There we stood for many hours. When you stand on line for a long time, you go through several stages of psychosis. First, people start making friends with you. I don't want to sound egotistical, but the fact remains that I am better than most people and am not interested in their puny little lives. For one thing, everyone else was there because of their slavish devotion to the Idiot Box. I was there to gain insight and report back on it. As these Line People talked to me, as the skinny chicks from ABC came out and smoked and looked upon us with contempt, as the Manhattan dog walkers skipped by barely concealing their feelings of superiority, I wanted to shout: I AM NOT A FANBOY, I'M A FARKING JOURNALIST!
Luckily, I had minions with me, so I was able to steal away to a nearby Starbucks and support the capitalist pig-dog money machine while they held my place in line. During these sojourns I bumped into enough famous people that if I'd made one more trip for another cup of chai I would be forced to use boldface like a gossip column. Mariska Hargitay was seen jogging on the Upper West Side with her new beau. Sorry about that mean TeeVee article I wrote, Mar. Linda Fiorentino caught a brew at a local Starbucks -- loved you in "Dogma"! Sarah Wallace, you're the best local news reporter I've seen today. Liam Neeson was in a bit of a hurry. But you were great in "Excalibur," Neesie. Henry Gibson is still breathing. Henry, man, excellent turn in "Magnolia." (I didn't see Henry Gibson, actually, but the world needs more Henry Gibson references.)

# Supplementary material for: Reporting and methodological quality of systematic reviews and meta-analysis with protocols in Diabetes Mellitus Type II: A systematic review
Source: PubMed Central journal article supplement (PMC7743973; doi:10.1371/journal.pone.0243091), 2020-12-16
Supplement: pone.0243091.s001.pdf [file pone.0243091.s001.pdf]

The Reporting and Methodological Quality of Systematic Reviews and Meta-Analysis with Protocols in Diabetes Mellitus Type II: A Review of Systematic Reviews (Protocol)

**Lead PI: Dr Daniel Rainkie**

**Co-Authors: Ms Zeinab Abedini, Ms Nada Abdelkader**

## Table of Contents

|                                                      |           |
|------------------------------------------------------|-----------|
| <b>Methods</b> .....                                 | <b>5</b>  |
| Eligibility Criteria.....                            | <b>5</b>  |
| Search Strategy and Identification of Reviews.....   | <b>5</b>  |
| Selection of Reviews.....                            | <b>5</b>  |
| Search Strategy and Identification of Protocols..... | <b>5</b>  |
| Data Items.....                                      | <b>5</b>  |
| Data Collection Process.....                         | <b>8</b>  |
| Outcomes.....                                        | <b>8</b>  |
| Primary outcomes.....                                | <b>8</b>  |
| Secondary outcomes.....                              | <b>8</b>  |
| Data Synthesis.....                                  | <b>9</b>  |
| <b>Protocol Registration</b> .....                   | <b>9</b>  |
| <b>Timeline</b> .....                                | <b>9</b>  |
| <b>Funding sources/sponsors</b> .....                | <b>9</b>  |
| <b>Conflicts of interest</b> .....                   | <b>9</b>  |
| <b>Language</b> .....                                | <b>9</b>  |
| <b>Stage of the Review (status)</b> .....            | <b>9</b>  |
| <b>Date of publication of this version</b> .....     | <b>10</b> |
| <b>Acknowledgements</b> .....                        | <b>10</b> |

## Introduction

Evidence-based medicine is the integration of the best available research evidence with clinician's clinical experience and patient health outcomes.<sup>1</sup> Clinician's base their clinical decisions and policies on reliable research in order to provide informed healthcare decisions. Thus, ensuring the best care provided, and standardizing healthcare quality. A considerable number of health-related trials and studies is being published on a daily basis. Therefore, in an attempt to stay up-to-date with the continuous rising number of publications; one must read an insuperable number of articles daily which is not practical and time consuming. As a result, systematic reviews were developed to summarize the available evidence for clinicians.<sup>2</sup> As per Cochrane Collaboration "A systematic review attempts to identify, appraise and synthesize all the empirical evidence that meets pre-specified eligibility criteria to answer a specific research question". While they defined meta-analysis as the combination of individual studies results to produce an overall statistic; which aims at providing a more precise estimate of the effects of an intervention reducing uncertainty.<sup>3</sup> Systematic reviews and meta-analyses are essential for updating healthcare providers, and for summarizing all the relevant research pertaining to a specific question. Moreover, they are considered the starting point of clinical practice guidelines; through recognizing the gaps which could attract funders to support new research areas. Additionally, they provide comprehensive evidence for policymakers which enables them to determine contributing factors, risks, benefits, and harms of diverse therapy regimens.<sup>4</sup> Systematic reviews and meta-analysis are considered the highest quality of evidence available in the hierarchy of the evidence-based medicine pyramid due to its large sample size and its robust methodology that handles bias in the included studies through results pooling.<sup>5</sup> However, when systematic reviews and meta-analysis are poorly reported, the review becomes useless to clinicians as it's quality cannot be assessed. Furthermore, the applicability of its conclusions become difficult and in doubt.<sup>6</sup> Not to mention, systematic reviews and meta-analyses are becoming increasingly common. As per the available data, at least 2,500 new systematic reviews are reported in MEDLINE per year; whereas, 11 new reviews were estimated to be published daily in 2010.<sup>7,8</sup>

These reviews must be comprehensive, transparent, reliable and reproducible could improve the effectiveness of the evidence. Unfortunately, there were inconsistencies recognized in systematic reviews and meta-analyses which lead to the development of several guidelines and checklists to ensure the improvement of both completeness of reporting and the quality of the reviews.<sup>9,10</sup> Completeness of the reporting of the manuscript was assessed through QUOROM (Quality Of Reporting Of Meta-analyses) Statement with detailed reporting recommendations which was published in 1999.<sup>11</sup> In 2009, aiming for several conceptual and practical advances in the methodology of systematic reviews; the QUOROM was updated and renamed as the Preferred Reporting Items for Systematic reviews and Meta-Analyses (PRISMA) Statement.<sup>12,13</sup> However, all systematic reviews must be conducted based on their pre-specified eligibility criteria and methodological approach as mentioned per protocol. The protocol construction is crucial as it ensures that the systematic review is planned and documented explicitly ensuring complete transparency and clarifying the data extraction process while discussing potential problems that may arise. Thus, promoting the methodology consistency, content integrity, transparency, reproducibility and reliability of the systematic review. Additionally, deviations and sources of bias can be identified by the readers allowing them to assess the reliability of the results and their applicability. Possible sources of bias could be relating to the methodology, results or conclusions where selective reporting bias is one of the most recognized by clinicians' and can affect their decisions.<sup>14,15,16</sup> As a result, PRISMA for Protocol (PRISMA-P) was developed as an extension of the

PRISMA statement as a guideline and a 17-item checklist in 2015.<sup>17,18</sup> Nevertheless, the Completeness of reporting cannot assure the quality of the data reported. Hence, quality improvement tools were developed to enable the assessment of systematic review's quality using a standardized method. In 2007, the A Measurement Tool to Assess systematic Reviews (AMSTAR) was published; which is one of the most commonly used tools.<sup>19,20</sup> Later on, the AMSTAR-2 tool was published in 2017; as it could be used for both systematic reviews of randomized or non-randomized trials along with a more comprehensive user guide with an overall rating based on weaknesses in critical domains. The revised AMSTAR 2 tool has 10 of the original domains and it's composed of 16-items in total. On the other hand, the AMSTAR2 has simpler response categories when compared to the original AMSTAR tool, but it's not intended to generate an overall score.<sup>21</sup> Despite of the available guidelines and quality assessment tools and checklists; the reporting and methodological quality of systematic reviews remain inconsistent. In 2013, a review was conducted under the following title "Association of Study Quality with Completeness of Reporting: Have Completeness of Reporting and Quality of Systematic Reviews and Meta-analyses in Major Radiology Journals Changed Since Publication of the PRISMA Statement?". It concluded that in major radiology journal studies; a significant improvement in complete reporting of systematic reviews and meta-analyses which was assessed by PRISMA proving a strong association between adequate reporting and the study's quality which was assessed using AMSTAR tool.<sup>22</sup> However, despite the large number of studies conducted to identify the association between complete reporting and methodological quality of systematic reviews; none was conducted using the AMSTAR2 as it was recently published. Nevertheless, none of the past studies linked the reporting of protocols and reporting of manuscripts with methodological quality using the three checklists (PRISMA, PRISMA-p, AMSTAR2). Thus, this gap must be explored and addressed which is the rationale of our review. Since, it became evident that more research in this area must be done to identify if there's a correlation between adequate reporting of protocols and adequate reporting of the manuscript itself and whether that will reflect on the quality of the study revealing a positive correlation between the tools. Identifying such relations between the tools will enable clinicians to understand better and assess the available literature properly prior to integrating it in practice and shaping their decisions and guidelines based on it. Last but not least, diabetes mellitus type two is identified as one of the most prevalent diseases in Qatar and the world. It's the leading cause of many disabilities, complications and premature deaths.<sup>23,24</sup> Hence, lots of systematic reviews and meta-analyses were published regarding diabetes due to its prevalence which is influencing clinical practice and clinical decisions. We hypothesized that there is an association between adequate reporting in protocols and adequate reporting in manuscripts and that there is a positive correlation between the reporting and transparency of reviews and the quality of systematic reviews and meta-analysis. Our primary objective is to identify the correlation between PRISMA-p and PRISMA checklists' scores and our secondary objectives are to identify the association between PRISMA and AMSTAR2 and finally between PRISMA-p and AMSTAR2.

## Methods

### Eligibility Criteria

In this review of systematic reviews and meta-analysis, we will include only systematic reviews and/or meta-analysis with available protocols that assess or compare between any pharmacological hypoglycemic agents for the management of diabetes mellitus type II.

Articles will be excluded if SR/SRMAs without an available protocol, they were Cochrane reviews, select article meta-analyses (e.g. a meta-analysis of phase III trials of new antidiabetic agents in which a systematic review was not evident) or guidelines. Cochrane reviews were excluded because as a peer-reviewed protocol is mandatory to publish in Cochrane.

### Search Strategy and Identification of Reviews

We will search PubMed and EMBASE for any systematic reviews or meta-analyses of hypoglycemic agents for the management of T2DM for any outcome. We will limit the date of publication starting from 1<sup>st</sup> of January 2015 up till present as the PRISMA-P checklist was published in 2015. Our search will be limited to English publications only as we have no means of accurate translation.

The next stage of line psychosis involves hallucinating. You think you see the Woman with the Clipboard coming, but she's not really there. Your head snaps up every time someone walks by the front of the line.
In the next stage you and the other Line People begin to circulate myths about Those in Charge. They're going to start numbering the tickets at a hundred because a busload of Austrian tourists has special dispensation from their embassy to see Regis. They're going to cancel today's taping. They're going to throw tear gas grenades. They're going to hand out hundred-dollar bills.
During the next and final stage of line psychosis you start fantasizing about what evils you'll commit if the Woman with the Clipboard shows up one minute late.
She showed up fifteen minutes late and blamed the traffic. I was too numb to carry out my nefarious plan, though, and anyway the line psychosis dissipated as she numbered my ticket. I was number 12 after the other people in line and those in my party were tallied.
I was on my way to see Regis.